Data Science vs Data Analytics
Data analytics is the process of investigating and asking structured questions of information, be it business information, medical test information or whatever field you are working in. Typically data analytics looks at historical data and uses a fairly standard set of statistical techniques.
How to use data analytics
Data analytics requires a knowledge of general statistics, a logical mind that can structure out a sound problem solving approach, alongside technical skills that will enable data to be manipulated to run queries.
Data Analysts' skills typically lie in well-known data analytics software such as Excel, SQL, Python and R. There are other specialist tools such as SAS but these are becoming less and less common since the growth in open source solutions.
The easiest way to think about Data Analytics applications is to think about the range of different job titles associated with the role. The list is long, but some of the most common include:
Business Analyst – supports strategic planning and review activities looking at understanding the performance of the business.
Market Analyst – performs specialist analysis of internal and external data to size and understand macro activities taking place in a given market.
Market Research Analyst – reviews and consolidates the results of market research (typically surveys) into meaningful insights.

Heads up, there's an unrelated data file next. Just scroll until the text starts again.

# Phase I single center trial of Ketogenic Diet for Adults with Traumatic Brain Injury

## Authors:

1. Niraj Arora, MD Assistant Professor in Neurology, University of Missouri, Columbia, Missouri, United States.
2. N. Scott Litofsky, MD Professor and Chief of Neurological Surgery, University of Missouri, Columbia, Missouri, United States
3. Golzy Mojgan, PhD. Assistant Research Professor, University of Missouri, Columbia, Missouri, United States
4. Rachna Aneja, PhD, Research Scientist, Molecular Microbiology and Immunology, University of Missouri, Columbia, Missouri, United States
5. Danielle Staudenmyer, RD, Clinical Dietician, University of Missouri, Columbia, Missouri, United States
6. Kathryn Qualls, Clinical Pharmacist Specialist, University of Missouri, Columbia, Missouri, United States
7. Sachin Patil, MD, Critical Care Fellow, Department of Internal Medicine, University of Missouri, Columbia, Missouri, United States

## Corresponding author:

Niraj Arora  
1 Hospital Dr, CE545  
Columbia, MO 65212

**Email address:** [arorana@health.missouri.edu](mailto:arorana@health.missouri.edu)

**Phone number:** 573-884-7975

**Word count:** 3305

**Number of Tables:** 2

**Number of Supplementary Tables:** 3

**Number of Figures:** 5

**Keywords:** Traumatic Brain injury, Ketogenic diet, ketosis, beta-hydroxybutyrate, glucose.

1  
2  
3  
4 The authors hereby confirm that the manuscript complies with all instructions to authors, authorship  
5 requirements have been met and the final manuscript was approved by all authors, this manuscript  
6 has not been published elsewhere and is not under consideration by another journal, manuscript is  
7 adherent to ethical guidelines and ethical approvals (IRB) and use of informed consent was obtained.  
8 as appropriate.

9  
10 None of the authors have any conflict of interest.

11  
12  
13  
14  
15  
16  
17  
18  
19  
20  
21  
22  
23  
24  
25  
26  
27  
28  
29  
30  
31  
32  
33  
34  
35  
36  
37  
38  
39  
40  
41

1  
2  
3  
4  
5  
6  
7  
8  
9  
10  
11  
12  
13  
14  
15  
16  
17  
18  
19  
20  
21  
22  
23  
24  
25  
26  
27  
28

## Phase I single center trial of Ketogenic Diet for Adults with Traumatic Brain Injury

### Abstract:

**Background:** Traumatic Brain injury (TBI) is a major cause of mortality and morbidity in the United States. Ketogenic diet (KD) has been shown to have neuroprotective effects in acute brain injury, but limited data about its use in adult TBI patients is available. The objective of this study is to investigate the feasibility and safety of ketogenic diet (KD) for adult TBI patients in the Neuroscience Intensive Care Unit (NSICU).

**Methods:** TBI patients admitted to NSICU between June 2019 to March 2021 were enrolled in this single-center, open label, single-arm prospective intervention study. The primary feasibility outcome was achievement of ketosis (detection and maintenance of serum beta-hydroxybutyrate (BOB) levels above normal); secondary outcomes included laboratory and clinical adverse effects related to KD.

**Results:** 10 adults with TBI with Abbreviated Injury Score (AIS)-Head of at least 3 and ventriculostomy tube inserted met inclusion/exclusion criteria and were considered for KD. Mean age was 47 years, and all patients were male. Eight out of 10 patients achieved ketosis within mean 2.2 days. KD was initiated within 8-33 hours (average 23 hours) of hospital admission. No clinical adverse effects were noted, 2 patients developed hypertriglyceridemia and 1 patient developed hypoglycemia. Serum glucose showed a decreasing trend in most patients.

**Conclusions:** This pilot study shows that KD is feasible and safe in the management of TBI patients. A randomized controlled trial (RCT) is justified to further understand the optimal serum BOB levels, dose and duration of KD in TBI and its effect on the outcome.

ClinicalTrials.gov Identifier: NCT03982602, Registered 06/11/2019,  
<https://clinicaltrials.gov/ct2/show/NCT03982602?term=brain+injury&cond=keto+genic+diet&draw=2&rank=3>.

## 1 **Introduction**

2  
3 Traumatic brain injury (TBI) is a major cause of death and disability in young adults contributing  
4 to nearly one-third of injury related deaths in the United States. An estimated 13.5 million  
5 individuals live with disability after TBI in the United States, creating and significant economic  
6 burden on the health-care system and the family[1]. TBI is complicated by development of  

Sales Analyst – tracks sales performance and investigates the drivers of success and or failure.
Financial Analyst – reviews the financial performance of the business and investigate historical cash flow.
Marketing/Media Analyst – runs campaign analysis to understand the effectiveness and return of a marketing campaign.
Customer Success Analyst – tracks the customer journey to identify where drop off is happening or drivers for attrition are occurring and identify which remedial actions drive the best results.
Pricing Analyst – understands the impact of price changes on customer sales and margin in order to optimise the effectiveness of promotions.
How to use data science
Data Science is harder to define. Data Science is more about looking for answers to help estimate or predict the unknown by asking questions of the data. This requires not only the strong data and analytics skills of the Data Analyst but extensive coding skills and often significant experience to support the problem-solving process.
The tools or skill set required of the Data Scientist include machine learning, software development, coding and a strong grasp of data mining and data operations.
Data Science and Analytics is used in business for a wide range of applications. These include:
Fraud and Risk Detection – identifying patterns in transactions and finance applications to spot fraudulent activity, money laundering or mitigate the risk of generating bad debt through risky loans.
Healthcare – everything from assisting in drug development research, DNA and genome science to medical imaging analysis.
Web Search – optimising the search results for users through super fast analysis of search terms and delivering optimal results.
Online Advertising – using the same techniques for search to deliver the most relevant ads to web users and encouraging them to click through to brands.
Product Recommendations – utilising vast repositories of historical user searches and transactions to recommend the right product to website visitors such as Amazon.
Customer Experience Management – tracking multiple behavioural triggers to spot potential signs of customer dropping off mid transaction or unsubscribing.